22 Oct Feel Sexy In Your Skin
I got up this morning and looked in the mirror. I yawned and wiped my eyes.
Not too bad, I thought. But my skin could be clearer like that chick on Instagram. I wonder if she has breast implants? Gosh, my curly hair is just so stubborn!
I catch myself doing what I said I wouldn’t do anymore, compare myself to other women. Just love me as I am right?
My comparison is not as much as it used to be but like a cockroach it keeps popping up when I least expect it. A few years ago, I discovered Mixed People Facebook Pages and Instagram Accounts and I was hooked. Women who were mixed from all over the world being celebrated as beautiful and sexy. And yet even with the emergence of “Mixed People Are Beautiful” Instagram accounts, I can’t quite seem to feel like I am sexy enough. Is this what men want all day? Is the only way to have sex appeal is to show cleavage and have flawless skin? To pose with my hips to the side, butt sticking out and duck lips? Is it all about sexual objectification?
The photos seem to reinforce all of the messages I’ve received from magazines as a teenager into my adulthood. Am I suppose to feel sexy in my skin because the pictures are no longer of white skinny models but now show a variety of voluptuous mixed women?
I know what society thinks is sexy. But what about me? How do I feel sexy in my skin?
Becoming hot is the most important measure for success as a woman. As much as the feminist in me wants to scratch my eyes out for making that statement, unfortunately, that is culture. Attracting a plethora of men is a good measurement of your status as a woman. There is good news though. It doesn’t have to be like this forever.
Women can actively change the culture by the relationship we cultivate with ourselves.
Society’s extremely superficial and limited definition of sexiness makes most women feel insecure and vulnerable and a lot less sexy.
The American Psychological Association found evidence a few years ago that the proliferation of sexualized images of girls and young women in advertising, merchandising and media is harmful to girls’ self-image and healthy development. Examples of the sexualization of girls in all forms of media including visual media and other forms of media such as music lyrics abound. And, according to the report, have likely increased in number as “new media” have been created and access to media has become omnipresent. The influence and attitudes of parents, siblings, and friends can also add to the pressures of sexualization.
Despite all of the graphical and sexual images in the media that urge women to be hot and sexy, we are constantly being told that we should be sexy but innocent, experienced and virginal. Any ladies in the street but freaks in the sheets out there? What’s new to the female sexual objectification plight is that females are supposed to now embody these contrasts within themselves. This creates an impossible internal conflict for me and I suspect other women as well.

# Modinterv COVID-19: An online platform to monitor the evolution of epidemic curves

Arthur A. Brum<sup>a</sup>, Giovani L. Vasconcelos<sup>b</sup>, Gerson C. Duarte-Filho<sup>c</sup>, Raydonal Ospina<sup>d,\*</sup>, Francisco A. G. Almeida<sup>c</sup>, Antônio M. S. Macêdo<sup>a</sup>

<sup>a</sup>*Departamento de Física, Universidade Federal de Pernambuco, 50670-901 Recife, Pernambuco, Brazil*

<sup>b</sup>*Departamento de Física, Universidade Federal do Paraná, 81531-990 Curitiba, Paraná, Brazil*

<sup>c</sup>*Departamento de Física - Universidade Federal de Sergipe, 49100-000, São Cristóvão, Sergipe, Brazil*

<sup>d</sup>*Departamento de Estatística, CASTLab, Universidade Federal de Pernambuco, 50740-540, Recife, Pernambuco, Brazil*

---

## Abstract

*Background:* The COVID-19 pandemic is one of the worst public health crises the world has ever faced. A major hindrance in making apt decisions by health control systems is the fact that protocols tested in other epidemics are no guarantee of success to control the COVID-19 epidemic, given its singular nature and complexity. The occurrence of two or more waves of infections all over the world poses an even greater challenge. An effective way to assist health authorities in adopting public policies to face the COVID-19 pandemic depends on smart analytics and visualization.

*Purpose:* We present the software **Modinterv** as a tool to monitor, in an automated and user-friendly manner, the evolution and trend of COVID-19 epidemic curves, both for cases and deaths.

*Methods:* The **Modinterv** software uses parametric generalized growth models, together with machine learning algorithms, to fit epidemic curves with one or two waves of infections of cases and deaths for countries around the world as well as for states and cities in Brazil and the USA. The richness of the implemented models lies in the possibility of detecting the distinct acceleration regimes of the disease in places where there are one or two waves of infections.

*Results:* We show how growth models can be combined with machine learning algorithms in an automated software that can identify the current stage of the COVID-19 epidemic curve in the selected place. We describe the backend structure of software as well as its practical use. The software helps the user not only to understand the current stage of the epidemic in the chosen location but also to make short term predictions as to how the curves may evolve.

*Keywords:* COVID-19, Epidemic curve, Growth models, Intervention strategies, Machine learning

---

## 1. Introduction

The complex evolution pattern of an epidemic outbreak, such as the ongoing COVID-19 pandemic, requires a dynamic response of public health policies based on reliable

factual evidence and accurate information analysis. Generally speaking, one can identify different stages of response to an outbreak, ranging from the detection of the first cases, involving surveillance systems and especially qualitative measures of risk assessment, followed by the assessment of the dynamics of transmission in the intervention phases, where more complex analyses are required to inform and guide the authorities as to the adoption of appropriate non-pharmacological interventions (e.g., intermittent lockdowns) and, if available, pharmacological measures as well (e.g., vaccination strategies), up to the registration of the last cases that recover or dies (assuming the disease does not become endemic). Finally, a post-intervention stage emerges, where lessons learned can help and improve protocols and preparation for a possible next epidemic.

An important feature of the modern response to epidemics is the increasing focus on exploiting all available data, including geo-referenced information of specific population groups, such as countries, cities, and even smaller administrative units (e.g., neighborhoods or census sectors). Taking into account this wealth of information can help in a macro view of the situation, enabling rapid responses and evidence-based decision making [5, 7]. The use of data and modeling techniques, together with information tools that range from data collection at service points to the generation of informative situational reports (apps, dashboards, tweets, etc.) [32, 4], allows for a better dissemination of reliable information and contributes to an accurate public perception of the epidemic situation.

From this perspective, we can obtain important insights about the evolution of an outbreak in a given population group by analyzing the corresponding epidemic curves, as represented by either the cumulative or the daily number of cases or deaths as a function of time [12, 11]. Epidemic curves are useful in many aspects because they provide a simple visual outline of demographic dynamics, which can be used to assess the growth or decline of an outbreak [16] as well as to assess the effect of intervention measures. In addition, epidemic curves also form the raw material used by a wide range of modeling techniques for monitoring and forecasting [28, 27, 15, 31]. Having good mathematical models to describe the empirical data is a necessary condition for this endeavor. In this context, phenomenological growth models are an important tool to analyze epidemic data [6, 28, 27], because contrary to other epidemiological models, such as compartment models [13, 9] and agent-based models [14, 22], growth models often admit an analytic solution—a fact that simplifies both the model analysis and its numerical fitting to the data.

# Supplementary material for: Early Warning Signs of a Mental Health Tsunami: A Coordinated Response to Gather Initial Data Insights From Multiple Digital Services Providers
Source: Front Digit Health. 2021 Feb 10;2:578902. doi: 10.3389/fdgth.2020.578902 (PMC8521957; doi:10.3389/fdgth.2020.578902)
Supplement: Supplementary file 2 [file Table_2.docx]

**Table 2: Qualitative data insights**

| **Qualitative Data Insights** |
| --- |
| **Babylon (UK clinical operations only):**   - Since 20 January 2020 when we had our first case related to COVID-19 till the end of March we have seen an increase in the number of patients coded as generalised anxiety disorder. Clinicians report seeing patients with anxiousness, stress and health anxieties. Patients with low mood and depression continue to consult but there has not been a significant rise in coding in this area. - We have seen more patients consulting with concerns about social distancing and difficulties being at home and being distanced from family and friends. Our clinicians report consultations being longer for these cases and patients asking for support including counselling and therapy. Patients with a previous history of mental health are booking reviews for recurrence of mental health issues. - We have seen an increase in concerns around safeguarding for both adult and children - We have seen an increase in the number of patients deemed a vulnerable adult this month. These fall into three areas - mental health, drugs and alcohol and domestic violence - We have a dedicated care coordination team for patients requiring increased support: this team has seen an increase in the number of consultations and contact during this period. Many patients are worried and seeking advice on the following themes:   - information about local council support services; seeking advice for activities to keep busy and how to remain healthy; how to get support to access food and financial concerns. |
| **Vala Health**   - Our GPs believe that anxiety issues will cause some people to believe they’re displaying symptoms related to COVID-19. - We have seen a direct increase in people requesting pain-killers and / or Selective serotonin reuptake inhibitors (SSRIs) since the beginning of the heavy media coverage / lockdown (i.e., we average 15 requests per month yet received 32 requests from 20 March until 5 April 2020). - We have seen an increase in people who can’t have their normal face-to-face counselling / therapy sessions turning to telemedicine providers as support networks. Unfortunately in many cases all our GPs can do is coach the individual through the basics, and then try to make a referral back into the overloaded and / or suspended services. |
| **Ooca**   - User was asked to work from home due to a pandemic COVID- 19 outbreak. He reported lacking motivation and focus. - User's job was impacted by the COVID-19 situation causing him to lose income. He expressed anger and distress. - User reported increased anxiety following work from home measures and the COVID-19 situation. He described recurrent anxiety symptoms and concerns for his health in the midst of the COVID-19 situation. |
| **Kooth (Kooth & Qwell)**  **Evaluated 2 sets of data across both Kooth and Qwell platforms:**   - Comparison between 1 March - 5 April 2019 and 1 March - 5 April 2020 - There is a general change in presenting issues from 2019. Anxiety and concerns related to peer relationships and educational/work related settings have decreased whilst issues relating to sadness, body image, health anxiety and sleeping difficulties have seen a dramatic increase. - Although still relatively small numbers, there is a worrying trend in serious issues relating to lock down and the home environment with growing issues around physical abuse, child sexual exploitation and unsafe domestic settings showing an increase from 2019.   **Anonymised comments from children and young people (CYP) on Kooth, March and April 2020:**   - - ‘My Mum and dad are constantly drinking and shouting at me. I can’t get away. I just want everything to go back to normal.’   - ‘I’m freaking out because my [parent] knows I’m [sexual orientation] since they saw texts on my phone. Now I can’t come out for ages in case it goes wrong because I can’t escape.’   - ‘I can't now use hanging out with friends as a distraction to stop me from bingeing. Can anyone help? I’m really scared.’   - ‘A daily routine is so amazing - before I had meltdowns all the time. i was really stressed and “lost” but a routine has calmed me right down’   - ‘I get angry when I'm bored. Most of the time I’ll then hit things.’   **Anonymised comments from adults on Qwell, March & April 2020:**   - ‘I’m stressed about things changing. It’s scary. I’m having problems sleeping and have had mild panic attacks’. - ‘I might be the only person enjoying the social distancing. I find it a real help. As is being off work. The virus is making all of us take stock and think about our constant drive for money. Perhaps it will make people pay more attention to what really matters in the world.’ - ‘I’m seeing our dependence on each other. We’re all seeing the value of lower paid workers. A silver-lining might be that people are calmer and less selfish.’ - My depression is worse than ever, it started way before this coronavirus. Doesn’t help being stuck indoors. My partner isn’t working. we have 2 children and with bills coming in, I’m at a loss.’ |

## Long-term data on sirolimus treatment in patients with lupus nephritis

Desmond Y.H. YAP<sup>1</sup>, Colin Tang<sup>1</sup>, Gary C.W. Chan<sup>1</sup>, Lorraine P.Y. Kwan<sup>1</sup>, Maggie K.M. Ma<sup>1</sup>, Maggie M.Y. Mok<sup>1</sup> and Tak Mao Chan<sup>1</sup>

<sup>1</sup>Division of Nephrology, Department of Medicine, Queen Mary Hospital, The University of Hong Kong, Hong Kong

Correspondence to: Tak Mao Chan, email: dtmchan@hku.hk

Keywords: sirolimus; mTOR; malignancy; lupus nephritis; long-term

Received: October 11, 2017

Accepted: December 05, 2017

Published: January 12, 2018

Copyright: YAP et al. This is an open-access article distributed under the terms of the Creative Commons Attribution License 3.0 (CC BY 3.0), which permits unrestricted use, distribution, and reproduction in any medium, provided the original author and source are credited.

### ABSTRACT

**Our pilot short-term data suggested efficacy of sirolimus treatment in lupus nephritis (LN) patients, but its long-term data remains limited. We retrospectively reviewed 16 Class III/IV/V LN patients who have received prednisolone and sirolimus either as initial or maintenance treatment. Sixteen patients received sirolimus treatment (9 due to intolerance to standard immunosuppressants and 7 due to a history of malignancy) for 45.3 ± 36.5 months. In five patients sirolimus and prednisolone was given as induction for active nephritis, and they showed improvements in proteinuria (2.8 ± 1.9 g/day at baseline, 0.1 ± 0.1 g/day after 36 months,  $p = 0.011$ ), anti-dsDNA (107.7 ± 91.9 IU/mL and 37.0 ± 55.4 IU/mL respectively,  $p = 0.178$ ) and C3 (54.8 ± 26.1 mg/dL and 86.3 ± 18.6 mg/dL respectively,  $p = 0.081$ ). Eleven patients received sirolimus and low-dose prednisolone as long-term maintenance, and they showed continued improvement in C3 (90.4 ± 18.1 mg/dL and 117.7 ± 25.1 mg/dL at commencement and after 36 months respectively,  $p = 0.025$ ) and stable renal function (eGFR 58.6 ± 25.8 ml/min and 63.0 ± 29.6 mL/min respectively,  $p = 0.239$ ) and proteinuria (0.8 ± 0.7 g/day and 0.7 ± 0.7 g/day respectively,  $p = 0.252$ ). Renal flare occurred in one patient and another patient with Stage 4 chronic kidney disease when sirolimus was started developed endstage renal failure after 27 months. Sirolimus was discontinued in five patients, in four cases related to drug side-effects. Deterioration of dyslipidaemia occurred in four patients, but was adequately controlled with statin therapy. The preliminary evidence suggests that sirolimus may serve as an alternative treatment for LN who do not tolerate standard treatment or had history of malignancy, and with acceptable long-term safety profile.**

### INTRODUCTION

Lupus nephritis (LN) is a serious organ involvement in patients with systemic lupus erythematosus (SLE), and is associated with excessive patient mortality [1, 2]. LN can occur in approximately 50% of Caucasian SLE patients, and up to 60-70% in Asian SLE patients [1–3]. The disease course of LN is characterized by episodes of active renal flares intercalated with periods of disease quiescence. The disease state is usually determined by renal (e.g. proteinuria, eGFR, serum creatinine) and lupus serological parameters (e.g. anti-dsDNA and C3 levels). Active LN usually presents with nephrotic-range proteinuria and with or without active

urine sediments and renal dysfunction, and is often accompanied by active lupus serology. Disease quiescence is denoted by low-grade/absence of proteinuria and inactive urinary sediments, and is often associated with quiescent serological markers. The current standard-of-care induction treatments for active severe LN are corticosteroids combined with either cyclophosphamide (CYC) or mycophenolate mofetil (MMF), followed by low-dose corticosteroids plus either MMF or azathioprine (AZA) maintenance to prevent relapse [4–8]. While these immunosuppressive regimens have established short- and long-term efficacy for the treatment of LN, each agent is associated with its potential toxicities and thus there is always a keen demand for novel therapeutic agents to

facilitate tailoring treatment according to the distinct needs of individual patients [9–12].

The corsets and sexual repression of the past have been replaced by an internal standard that is even more suffocating. Women posing naked as a means to liberate themselves only serve to further to objectify women. Look at me I am naked instead of in the 60s when a man told me I should, now I embody it freely. Yay, feminism!
I have to admit, I’m torn on the sexy issue.
I like anyone else, am sometimes transfixed by new media hotties like Aisha Thalia, Cleo Flowers and Rosa Acosta. I love the sexual freedom of Rihanna and Madonna. I love showing cleavage. I prefer clothes that hug my figure instead of fitting loosely. I secretly want to do a naked photoshoot. It must be liberating to capture all of your flaws on film in a way that celebrates your body. Not for fame, not for a magazine, not for attention but to celebrate my temple.
On the flipside, the more I explore my authentic self in all the different aspects of my life, the more I am beginning to understand the sexual objectification programming which I received growing up and as an adult. It is clear for the first time in my life that I do not genuinely subscribe to most messages I have received.
More and more I determine what my version of sexy is and yes like a true feminist my sexual identity includes compassion for others, open-mindedness and intelligence.
I guess I can have my cleavage and intelligence too!
So now I ask you, the reader: How much of your concepts and ideas about sexiness exist because you explored all options and decided that this version of sexy makes you feel great in your skin? Or were you told/showed that this is what sexy looks like and now you try to fit a mould as best as you could?
What makes you feel sexy in your skin?
P.S – If you found this piece valuable and worthy of your time, please pass it along to another female. Sharing is caring 🙂